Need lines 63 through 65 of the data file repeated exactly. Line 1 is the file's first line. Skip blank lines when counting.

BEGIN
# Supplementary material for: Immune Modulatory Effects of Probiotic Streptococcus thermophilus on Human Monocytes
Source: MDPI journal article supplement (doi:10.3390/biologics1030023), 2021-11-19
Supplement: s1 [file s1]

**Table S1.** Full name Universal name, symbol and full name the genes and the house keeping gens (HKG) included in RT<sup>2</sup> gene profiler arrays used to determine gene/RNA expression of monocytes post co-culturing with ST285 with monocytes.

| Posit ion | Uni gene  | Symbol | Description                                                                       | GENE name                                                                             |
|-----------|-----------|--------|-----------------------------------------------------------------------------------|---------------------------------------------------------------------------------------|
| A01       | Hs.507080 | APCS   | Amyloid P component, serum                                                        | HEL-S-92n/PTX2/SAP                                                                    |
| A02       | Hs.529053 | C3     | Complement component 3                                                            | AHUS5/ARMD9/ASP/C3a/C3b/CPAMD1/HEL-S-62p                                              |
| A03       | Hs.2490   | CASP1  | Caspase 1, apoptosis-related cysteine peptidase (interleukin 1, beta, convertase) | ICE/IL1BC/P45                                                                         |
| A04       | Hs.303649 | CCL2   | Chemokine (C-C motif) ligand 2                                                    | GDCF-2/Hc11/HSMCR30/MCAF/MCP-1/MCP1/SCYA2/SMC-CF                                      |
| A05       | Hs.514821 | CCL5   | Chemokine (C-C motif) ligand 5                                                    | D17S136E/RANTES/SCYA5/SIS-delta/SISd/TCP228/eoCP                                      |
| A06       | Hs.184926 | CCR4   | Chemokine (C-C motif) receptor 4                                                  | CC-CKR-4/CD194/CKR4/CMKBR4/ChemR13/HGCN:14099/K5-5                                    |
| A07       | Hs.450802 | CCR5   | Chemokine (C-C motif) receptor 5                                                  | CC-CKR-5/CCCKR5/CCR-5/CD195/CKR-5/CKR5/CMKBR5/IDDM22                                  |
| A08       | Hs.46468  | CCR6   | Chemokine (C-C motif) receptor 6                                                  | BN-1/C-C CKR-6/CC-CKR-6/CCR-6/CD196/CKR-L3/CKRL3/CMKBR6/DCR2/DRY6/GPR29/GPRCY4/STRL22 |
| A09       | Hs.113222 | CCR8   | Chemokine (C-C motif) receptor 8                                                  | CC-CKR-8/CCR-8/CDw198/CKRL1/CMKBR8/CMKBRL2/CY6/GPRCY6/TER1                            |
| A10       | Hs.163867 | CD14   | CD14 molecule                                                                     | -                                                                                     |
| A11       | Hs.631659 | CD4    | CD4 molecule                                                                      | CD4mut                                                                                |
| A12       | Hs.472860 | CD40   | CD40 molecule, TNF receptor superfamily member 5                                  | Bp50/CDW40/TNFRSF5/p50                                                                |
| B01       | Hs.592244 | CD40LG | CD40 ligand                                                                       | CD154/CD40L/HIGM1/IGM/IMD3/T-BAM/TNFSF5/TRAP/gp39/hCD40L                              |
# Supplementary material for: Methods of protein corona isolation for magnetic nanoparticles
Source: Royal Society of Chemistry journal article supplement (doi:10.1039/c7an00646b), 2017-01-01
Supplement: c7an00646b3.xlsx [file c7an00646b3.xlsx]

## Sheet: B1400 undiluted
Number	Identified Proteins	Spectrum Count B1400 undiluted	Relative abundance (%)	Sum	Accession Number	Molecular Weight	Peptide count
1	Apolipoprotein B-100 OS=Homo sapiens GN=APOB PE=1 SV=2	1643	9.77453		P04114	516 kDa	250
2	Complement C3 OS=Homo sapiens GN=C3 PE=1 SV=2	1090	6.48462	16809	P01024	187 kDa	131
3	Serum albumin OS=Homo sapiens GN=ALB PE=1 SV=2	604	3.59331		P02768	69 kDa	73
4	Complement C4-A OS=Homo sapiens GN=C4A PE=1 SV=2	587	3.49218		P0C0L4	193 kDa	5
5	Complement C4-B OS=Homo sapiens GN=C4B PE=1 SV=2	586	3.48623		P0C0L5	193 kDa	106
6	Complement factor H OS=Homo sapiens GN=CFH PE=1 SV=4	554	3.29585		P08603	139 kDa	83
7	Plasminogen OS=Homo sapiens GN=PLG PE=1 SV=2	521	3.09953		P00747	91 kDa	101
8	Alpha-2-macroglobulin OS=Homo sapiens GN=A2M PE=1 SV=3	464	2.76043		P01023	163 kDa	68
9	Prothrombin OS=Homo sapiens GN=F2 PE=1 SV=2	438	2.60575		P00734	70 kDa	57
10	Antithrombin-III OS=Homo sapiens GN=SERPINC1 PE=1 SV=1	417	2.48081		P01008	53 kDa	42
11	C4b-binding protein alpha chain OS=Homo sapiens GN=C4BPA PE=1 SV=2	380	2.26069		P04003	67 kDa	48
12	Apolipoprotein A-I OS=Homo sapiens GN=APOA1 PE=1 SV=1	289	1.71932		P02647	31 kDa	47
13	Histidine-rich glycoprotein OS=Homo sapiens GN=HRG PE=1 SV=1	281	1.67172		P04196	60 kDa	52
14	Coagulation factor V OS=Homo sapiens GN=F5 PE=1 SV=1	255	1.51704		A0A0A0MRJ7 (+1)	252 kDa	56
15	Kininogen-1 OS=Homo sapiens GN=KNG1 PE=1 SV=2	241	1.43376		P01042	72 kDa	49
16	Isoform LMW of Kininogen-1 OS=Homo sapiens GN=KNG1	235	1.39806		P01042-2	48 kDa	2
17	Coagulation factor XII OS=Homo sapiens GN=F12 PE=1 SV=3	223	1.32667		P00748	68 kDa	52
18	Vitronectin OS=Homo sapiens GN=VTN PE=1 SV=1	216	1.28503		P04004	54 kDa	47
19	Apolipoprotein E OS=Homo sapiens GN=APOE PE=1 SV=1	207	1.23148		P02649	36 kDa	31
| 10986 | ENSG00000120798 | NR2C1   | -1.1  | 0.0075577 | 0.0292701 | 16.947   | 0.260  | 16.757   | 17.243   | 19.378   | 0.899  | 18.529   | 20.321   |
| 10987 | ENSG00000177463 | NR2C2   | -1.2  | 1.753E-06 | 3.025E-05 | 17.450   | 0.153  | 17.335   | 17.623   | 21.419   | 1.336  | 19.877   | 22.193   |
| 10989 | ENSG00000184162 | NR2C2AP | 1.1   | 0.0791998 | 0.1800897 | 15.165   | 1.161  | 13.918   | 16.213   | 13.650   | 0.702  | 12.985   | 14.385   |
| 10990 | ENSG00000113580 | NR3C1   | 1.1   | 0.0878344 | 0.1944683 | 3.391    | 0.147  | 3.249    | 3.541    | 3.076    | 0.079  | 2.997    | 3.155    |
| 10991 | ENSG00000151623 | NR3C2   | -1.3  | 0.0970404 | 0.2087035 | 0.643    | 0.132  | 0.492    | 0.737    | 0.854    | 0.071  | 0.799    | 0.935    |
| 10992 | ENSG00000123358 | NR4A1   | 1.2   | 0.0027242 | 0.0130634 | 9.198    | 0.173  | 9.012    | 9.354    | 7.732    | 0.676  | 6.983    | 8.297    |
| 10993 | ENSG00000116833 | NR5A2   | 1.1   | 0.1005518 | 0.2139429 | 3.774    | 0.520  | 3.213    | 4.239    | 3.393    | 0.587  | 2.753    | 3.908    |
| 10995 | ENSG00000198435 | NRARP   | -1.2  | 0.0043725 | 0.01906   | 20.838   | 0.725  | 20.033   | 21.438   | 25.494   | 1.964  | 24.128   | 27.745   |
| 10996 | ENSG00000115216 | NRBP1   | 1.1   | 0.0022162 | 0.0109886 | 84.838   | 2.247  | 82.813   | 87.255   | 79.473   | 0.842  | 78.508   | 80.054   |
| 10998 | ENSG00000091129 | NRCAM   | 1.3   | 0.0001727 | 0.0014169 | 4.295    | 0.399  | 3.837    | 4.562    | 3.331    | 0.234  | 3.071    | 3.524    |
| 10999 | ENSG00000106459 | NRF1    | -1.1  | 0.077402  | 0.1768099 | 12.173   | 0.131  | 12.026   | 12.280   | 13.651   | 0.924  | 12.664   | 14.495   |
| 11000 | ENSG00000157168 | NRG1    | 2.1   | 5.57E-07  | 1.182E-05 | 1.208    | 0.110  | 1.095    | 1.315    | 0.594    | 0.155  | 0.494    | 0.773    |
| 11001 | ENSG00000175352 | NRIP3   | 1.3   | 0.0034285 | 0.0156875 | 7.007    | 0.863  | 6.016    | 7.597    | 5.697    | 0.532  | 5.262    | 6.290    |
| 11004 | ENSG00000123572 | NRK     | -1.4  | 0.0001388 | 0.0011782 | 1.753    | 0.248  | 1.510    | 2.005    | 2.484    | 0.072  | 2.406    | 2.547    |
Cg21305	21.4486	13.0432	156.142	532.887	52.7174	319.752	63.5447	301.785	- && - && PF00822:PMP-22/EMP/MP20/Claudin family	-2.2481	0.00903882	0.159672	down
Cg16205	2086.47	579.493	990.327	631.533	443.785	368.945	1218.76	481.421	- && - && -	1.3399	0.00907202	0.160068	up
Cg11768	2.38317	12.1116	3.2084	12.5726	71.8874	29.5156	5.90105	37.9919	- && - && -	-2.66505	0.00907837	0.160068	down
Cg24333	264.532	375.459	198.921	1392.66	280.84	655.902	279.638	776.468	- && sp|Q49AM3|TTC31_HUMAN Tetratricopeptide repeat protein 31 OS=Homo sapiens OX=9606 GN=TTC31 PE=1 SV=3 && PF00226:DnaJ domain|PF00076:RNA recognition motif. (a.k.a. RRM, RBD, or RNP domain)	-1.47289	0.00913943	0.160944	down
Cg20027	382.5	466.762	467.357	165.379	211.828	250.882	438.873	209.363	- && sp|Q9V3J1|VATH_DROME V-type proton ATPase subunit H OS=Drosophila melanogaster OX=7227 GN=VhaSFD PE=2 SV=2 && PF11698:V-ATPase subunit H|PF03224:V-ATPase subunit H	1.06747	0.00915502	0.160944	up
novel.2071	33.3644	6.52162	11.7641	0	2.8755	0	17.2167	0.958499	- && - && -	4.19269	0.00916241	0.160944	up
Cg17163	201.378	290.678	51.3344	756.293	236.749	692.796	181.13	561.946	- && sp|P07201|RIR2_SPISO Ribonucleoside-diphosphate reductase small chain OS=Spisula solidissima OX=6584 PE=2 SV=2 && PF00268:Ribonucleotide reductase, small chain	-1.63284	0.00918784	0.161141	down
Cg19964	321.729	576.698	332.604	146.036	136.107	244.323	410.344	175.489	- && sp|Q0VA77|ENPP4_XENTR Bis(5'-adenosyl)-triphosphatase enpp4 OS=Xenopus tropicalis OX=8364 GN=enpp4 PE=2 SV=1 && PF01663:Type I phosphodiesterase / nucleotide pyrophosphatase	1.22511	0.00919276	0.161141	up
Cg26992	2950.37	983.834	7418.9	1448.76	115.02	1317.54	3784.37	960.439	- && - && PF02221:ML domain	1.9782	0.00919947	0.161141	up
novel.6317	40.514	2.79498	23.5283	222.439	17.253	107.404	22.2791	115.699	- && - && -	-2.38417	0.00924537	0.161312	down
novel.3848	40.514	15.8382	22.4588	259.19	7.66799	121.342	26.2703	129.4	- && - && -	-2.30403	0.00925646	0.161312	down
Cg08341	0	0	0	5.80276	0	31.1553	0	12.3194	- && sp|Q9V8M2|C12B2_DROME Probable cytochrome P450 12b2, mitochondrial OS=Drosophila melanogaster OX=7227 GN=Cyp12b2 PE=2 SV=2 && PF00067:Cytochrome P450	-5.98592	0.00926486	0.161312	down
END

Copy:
novel.2071	33.3644	6.52162	11.7641	0	2.8755	0	17.2167	0.958499	- && - && -	4.19269	0.00916241	0.160944	up
Cg17163	201.378	290.678	51.3344	756.293	236.749	692.796	181.13	561.946	- && sp|P07201|RIR2_SPISO Ribonucleoside-diphosphate reductase small chain OS=Spisula solidissima OX=6584 PE=2 SV=2 && PF00268:Ribonucleotide reductase, small chain	-1.63284	0.00918784	0.161141	down
Cg19964	321.729	576.698	332.604	146.036	136.107	244.323	410.344	175.489	- && sp|Q0VA77|ENPP4_XENTR Bis(5'-adenosyl)-triphosphatase enpp4 OS=Xenopus tropicalis OX=8364 GN=enpp4 PE=2 SV=1 && PF01663:Type I phosphodiesterase / nucleotide pyrophosphatase	1.22511	0.00919276	0.161141	up